|Hitesh Mehta, 50, is the director of HM Design, and one of the world’s leading authorities, practitioners and researchers on ecotourism physical planning, landscape architecture and architectural aspects of ecolodges. I was introduced to Hitesh by Lucy Fleming of Chaa Creek Lodge in Belize, an earlier “Peer to Pier” subject—fitting for a column about global connections. That theme is reflected in Hitesh’s life work and the Jain philosophy that is its foundation. Our dialogue took place while Hitesh was in China. He refers to himself as a citizen of the world and has travelled to more than 75 countries and consulted in 50, including Egypt, Bali, Dominica, Saudi Arabia, India, Kenya, Uganda, Rwanda, Brazil, DR Congo, Mexico, Turks and Caicos, Madagascar, Galapagos, Gabon, Fiji, Bahamas, St. Vincent and the Grenadines, the U.S. and Puerto Rico. In 2006, National Geographic Adventure magazine identified Hitesh as one of five Sustainable Tourism Pioneers in the world.Hitesh’s musings about the interdependency of this “web of life” of which we are all a part resonated with me during the depth of a New England winter, and a personal period of the “dark night of the soul.” I was reminded that such fallow periods are followed by new growth. Wherever you might be, physically or spiritually, I think you’ll find fascinating Hitesh’s reflections on his upbringing in the Jain philosophy in Kenya, the nature of his portfolio of eco-projects around the globe and his views on the principles of harmony, patience, stewardship and Aparigraha. Look for his coffee-table book, “Authentic Ecolodges” being published by Harper Collins in September.
Meg: Could you tell me a little bit about growing up in Kenya, what your life was like?
Hitesh: I feel blessed to have grown up in Kenya which has been for many years a peaceful haven in Africa. Raised in Nairobi by Indian parents, I can enthusiastically describe my childhood as modest, moral, and set against a truly magical backdrop. Even though my mum died when I was only 10 years old, I was lucky enough to have been raised by my elder sisters and brother. I grew up in Parklands, an Indian suburb designated by the British Colonialists, which was bordered by the forested City Park. I experienced nature just outside my door: there used to be leopard sightings in my neighborhood and Vervet and Sykes Monkeys were a daily occurrence! My childhood memories are so vivid that even up to today, I can draw the map of my neighborhood with most of the buildings, gardens and trees identified in it! Life was truly beautiful: full of uninhibited fun, lots of playing all kinds of games, and hanging out with friends, several of who I am still very much in contact with and after all these years I consider my best friends.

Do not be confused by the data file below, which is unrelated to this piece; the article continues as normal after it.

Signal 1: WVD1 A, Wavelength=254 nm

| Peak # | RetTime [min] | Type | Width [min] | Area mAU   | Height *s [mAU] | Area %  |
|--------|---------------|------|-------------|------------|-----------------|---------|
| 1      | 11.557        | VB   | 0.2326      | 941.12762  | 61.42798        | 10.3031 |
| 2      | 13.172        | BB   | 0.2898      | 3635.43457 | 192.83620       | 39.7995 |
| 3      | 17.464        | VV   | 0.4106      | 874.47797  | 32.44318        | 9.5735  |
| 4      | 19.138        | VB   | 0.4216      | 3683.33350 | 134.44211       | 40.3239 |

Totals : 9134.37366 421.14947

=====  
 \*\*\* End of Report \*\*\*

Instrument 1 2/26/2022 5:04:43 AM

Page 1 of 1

Meg: How do you define landscape architecture?
Hitesh: Landscape architecture is the design of outdoor and public spaces to achieve environmental, socio-behavioral, and/or aesthetic outcomes. The basic premise of landscape architecture is about stewardship of the land. How to take care of the land while at the same time design it in ways that provide places of rest, meditation, recreation etc for all species. It involves the systematic investigation of existing social, ecological, and geological conditions and processes in the landscape, and the design of interventions that will produce the desired outcome. Landscape architecture is a multi-disciplinary field, incorporating aspects of land use planning, environmental psychology, botany, industrial design and landscape ecology.
Meg: How did you become interested in this area, and was where you grew up a factor?
Hitesh: During high school and university, I began to travel Kenya with a group of intimate friends and before long, we had observed most parts of this amazing country that has some of the most varied landscapes on the planet. Kenya has one of the natural wonders of the world—The Great Rift Valley—snow-capped mountains on the equator, fresh and salt water lakes, rivers, equatorial and montane forests, deserts, savannah, oceans and of course one of the highest concentrations of mammals on the planet. In addition, Nairobi is the only city in the world that has a National Park within its boundaries. Just 30 minutes from my work, I would be in the wild with zebras, lions, and cheetahs, with my office building still in view on the horizon! So, as you can see, the pristine yet fragile landscape around me and my wish to protect it for future generations was an influencing factor of why I chose to pursue a profession of landscape architecture.
Meg: Landscape architecture related to ecotourism is a specialty of yours—can you describe how that expertise came about and evolved?